By Michael Greener
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Additional info for Between the Lines of the Balance Sheet. The Plain Man's Guide to Published Accounts
It is, however, dangerous to be too dogmatic. Many of their houses are in valuable town sites; but on the other hand many are in country districts where either the value of the land or the pub itself may not have risen as much as might be expected. There are many imponderables. The figures in Table Cl as has already been emphasised are of little value for absolute comparisons between the companies themselves. 's 12-3% as both are not arrived at on the same basis. It is possible, of course, to set one company against another in studying the movements of the ratios in each company.
The man on the Clapham omnibus reading his paper, whether he be a shareholder, an employee or a financially disinterested party, would on seeing the dividends quoted imagine that the members of the company were being rewarded handsomely for the money they had invested. Had he the information shown in the table just compiled he would be perhaps pleasantly surprised. True, the investor when he purchases shares in the market is interested solely in the return he will make on the money he pays for these shares.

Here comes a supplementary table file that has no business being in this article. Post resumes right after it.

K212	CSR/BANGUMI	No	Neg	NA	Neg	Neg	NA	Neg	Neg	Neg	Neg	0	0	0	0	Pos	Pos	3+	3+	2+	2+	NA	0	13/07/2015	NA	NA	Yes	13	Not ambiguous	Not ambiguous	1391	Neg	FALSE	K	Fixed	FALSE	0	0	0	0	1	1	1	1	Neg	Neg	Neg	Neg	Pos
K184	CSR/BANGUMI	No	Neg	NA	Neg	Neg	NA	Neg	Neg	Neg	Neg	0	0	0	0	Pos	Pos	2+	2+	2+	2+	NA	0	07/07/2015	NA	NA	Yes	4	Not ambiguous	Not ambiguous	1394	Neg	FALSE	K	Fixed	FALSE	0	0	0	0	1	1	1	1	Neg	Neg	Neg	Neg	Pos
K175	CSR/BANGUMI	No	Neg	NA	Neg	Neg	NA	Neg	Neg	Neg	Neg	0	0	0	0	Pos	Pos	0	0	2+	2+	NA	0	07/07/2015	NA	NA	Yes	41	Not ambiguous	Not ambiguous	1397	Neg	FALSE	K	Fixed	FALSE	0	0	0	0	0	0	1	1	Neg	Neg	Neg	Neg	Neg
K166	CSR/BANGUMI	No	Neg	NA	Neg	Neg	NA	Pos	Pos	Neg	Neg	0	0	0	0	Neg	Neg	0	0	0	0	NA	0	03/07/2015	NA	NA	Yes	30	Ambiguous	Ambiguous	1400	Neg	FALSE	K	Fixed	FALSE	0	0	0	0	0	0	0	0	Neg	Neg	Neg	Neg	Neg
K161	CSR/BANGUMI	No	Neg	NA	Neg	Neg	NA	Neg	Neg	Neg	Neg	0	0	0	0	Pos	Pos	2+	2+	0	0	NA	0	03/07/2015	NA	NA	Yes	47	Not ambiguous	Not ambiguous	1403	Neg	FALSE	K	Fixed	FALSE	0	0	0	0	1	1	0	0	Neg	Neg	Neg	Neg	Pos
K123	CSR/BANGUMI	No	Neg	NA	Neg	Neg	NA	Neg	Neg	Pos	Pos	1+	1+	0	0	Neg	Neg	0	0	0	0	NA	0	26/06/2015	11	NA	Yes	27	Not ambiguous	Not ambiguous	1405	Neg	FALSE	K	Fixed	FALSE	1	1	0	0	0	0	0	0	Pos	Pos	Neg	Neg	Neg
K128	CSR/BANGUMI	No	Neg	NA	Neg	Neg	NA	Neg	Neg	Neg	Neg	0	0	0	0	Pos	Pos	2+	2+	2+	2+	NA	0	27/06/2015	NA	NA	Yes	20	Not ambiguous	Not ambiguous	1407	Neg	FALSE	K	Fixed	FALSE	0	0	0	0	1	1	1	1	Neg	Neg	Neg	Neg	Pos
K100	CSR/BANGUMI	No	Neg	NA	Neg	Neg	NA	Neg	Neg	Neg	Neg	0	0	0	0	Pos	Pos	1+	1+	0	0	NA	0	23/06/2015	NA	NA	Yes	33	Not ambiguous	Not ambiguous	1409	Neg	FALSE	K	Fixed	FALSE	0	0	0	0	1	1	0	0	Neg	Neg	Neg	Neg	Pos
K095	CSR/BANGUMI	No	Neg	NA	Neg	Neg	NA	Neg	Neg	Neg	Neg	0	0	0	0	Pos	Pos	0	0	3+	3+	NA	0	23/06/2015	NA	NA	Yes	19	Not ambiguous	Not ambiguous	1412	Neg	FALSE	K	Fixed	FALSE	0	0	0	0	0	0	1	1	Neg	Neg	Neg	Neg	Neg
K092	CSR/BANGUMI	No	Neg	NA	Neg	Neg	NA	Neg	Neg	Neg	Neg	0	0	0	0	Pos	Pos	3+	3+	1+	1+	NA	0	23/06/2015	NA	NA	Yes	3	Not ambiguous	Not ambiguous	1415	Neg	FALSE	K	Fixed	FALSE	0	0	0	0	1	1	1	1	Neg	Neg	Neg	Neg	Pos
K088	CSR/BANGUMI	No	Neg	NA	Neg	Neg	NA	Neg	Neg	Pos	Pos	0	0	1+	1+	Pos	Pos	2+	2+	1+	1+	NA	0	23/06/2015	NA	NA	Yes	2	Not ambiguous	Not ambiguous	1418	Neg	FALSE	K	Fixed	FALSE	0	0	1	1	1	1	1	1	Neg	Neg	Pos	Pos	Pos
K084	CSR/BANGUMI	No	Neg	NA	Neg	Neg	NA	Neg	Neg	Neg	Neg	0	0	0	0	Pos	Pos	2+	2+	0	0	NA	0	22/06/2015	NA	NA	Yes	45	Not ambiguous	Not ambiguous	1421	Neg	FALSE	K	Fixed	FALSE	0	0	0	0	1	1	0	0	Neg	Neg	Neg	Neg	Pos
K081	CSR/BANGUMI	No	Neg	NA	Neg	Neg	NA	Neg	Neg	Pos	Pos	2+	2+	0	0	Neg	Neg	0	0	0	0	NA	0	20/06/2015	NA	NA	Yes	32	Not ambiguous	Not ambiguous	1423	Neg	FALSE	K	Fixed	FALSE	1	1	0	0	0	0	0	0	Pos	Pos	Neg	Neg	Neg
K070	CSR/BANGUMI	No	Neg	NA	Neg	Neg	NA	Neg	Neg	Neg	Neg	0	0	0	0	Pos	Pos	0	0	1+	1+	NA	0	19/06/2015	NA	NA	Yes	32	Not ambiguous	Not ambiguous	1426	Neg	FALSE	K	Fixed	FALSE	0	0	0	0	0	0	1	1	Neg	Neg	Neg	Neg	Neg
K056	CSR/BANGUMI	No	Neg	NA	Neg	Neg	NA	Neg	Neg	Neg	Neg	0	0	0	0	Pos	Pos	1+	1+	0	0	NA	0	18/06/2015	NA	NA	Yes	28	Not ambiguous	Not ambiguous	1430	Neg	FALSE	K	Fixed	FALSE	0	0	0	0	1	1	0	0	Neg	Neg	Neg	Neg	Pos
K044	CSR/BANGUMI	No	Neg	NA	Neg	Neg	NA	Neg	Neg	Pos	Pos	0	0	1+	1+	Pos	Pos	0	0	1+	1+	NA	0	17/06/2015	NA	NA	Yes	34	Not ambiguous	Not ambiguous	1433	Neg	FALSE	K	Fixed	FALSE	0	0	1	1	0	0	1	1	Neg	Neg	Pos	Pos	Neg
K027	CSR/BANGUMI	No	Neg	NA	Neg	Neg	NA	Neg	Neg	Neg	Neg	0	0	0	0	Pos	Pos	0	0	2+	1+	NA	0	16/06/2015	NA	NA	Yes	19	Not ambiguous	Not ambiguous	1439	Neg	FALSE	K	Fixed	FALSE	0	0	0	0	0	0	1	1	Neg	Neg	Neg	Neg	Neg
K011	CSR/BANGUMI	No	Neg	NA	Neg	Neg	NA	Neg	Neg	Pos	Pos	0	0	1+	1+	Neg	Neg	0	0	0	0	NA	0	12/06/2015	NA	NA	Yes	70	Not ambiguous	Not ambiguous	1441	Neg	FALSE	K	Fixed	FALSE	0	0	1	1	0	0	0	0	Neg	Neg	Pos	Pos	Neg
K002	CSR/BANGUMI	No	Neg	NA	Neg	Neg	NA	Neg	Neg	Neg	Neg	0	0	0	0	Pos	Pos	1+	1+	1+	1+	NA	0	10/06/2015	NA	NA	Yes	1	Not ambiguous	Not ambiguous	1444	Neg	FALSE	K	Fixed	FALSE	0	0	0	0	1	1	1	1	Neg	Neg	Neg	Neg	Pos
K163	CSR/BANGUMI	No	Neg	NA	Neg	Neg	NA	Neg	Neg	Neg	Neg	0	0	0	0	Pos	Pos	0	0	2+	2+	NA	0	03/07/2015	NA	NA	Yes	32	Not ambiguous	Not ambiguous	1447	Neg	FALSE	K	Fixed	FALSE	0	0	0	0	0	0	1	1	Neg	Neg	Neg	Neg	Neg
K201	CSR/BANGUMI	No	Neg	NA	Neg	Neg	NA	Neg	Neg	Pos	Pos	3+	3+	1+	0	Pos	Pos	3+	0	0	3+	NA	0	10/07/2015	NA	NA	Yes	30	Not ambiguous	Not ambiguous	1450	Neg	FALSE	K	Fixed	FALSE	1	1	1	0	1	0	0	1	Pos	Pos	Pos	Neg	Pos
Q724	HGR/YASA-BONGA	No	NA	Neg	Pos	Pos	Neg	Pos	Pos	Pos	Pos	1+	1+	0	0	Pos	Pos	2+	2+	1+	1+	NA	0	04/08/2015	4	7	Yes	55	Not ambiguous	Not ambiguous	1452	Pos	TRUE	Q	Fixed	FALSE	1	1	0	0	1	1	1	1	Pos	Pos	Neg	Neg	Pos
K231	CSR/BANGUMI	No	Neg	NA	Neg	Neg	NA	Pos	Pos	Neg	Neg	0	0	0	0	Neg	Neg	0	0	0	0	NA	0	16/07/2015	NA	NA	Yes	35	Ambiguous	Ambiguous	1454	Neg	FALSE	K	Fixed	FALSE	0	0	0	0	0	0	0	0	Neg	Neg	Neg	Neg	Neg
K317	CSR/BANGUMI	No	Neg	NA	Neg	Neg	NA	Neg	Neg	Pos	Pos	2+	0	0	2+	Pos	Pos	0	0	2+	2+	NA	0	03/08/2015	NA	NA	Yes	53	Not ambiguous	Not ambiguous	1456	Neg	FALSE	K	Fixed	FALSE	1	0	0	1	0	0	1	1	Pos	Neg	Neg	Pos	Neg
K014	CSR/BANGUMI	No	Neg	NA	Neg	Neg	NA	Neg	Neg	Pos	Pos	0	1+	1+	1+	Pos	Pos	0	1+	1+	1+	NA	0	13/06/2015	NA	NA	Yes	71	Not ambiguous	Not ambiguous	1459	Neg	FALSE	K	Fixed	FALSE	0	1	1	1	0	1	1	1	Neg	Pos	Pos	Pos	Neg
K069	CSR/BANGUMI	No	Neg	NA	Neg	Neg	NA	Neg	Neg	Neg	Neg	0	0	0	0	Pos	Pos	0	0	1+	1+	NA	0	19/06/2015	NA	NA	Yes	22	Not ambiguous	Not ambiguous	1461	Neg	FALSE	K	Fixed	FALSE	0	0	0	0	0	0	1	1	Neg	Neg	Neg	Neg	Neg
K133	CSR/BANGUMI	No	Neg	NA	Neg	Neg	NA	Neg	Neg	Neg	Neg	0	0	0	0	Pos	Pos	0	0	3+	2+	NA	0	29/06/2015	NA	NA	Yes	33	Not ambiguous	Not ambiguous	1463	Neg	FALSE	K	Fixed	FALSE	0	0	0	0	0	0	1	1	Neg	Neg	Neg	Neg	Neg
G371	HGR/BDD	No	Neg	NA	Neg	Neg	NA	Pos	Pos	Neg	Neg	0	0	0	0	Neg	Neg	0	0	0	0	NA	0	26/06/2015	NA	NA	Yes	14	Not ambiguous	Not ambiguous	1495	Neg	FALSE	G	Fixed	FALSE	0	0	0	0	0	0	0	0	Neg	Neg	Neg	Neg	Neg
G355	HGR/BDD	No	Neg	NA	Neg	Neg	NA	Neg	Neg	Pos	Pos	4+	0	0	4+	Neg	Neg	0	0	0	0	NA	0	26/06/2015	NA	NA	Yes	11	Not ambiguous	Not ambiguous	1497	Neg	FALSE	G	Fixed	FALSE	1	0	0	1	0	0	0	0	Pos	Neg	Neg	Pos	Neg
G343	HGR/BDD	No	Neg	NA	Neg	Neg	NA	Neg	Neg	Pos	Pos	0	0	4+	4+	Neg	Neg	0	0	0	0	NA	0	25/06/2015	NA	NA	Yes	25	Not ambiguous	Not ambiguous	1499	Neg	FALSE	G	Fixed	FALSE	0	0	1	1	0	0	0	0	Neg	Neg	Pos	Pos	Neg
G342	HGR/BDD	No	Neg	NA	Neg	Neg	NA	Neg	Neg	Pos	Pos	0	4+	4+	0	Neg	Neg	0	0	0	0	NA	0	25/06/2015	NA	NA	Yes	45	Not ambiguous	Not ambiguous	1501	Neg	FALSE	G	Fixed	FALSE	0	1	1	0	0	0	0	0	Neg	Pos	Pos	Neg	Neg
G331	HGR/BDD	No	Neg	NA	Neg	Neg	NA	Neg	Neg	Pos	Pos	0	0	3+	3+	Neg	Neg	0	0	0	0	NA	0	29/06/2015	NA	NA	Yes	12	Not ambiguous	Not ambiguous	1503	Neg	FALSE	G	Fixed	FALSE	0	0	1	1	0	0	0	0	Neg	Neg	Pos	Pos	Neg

Imperial Tobacco Courtaulds ♦Lancashire Cotton Corpn. George Wimpey Harland & Woolf Newton Chambers William Hancock ratios are unusually high. There is no apparent reason for running a present liquid ratio of 4-6. Of course there might be some reason connected with the type of business; but unless this is known it can only be imagined that the company is not using its available assets to the best advantage. * George Wimpey & Co. are, of course, constructional engineers. The reason for their low liquid ratio (which is quite steady) lies in the enormous figure for stocks and work in progress, much of which is in ♦See Appendix B, note 1.